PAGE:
CMP Review 2023-07-25

CMP Review 2023-07-25

July 25, 2023

In 1917, the Times newspaper published a letter by Charlotte Mason in which she made four bold claims:

(a) That our people are capable of receiving a liberal education in a generous sense of the term.
(b) That no limitation of vocabulary or environment need be an obstacle.
(c) That the method and means of such an education give delight to the teachers, the children, and their parents, for, says Bacon, ‘Studies are for delight.’
(e) That such an education need cost no more than is spent at present.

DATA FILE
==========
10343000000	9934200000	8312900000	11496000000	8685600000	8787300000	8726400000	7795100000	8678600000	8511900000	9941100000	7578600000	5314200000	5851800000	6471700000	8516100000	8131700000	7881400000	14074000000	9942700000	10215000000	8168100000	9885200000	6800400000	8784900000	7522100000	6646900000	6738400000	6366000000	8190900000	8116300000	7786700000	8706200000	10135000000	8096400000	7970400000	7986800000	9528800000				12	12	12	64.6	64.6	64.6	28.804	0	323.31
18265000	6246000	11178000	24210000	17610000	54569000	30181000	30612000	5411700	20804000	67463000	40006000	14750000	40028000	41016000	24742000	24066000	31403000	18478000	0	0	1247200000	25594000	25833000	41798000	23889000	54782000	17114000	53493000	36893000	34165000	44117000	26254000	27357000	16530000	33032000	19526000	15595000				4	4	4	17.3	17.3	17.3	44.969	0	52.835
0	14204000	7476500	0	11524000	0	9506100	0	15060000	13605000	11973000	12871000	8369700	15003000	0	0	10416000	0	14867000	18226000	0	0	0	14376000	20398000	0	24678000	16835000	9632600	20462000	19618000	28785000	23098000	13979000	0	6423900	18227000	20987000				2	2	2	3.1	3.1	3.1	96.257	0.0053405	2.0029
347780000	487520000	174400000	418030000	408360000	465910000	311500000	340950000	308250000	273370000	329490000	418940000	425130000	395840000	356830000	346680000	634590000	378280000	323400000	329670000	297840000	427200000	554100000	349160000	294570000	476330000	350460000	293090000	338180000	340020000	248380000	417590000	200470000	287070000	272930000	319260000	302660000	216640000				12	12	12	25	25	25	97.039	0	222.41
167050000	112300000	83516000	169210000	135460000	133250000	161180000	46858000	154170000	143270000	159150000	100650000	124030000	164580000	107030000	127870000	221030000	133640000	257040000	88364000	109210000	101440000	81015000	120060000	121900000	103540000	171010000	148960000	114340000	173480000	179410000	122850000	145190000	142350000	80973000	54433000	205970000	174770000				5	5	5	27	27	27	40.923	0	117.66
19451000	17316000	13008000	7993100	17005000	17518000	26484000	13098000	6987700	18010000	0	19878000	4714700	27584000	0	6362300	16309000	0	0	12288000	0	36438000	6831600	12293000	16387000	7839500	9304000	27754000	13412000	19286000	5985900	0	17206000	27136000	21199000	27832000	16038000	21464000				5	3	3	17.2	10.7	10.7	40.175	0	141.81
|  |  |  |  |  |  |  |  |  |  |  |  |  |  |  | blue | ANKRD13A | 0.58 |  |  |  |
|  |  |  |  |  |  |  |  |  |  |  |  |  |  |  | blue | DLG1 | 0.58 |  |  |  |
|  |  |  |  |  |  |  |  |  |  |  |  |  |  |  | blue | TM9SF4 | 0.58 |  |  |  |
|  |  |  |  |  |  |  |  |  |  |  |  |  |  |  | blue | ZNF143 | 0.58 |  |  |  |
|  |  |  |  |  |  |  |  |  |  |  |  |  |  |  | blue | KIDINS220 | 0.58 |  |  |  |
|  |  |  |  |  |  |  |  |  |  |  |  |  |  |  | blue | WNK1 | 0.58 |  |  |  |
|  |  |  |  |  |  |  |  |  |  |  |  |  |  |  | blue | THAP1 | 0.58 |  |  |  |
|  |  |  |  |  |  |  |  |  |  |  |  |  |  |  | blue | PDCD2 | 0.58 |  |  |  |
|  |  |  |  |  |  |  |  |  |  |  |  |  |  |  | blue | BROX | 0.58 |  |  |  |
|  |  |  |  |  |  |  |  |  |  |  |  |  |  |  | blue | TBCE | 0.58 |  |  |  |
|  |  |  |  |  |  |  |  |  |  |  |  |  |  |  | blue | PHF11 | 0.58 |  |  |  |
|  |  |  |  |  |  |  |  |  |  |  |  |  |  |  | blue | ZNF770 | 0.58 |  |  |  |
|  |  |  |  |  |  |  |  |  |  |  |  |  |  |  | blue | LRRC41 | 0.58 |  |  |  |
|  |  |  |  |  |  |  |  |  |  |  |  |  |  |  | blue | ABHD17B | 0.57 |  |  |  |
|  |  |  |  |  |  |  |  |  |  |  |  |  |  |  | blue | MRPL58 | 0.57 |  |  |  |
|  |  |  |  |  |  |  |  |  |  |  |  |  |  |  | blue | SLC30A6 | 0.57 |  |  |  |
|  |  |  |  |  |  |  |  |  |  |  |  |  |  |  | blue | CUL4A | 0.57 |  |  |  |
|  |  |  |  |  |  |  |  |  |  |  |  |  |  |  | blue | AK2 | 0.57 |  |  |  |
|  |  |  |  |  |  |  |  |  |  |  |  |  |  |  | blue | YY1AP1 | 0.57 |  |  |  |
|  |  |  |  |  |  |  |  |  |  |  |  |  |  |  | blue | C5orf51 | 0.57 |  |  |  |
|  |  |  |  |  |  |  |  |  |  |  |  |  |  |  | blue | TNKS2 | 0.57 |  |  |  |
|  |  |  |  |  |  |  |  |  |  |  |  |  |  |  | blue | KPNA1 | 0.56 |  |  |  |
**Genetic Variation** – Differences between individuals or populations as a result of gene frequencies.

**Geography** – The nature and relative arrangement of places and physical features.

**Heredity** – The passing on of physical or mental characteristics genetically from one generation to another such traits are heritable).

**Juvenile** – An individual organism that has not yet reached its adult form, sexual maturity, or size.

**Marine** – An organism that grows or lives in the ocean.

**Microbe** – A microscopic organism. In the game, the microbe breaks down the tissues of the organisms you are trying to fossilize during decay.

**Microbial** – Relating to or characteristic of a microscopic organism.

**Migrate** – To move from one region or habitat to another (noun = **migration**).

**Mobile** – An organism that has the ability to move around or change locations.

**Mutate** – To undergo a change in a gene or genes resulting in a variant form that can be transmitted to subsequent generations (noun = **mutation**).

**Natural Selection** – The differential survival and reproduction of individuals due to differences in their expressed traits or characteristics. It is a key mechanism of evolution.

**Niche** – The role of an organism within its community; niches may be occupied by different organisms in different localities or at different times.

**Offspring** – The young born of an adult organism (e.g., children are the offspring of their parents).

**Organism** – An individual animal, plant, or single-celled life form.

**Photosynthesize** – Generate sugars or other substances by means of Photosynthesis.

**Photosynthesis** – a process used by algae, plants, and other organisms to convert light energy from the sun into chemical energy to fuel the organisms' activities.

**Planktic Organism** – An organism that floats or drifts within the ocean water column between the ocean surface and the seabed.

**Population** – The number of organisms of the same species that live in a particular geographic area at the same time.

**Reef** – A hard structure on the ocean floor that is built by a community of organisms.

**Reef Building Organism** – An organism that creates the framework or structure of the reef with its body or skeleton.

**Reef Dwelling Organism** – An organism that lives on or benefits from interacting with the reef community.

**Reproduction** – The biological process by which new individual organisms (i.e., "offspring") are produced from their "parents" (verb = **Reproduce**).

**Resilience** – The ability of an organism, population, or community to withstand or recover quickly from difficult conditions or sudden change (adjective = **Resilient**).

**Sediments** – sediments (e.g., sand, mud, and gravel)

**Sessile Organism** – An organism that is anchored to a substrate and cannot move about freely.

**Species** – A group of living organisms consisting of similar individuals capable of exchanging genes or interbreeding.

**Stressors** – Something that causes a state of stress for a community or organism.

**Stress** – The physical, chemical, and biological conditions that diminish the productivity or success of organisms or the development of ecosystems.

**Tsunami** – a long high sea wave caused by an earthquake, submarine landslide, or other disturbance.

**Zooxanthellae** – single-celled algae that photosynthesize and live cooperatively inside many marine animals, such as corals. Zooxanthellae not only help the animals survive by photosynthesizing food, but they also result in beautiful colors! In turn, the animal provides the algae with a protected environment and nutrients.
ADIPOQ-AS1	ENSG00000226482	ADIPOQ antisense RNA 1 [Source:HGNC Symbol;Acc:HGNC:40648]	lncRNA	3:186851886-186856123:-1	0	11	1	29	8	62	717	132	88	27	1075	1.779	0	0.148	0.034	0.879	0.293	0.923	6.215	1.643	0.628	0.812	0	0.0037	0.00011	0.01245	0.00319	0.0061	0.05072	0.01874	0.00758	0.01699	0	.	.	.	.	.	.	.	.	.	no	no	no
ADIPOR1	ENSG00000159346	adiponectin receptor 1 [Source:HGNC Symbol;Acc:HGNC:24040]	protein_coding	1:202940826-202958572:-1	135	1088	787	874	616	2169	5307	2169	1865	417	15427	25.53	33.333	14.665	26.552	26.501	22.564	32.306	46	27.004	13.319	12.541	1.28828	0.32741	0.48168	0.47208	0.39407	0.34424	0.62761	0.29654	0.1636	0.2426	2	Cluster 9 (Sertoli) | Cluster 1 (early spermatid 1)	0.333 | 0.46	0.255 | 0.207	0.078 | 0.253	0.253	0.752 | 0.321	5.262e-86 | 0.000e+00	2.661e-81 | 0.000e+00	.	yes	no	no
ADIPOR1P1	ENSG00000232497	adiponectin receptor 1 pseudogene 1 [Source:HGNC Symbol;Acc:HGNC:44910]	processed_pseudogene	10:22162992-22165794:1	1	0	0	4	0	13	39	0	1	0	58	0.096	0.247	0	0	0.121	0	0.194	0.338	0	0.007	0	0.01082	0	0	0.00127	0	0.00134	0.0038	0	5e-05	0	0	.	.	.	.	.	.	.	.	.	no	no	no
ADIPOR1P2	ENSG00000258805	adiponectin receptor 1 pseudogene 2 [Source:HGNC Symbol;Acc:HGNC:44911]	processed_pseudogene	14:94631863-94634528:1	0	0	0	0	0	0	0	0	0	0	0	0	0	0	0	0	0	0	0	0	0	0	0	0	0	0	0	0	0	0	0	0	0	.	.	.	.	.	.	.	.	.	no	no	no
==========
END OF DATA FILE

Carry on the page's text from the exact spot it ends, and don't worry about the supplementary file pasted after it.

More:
The letter was republished in the Parents’ Review with the title “A Liberal Education for All.” From that time forward, this phrase became the slogan for Miss Mason and her movement.

But what did she mean by “a liberal education in a generous sense of the term”? What would this phrase have meant to readers in the early decades of the last century? What tradition, if any, was she evoking? And what implications does this have for how we teach our children today?

Listen to the fascinating story of a “liberal education” across the centuries, from Plato’s Republic to Florence’s fresco to Mason’s writings and beyond. You can find it here.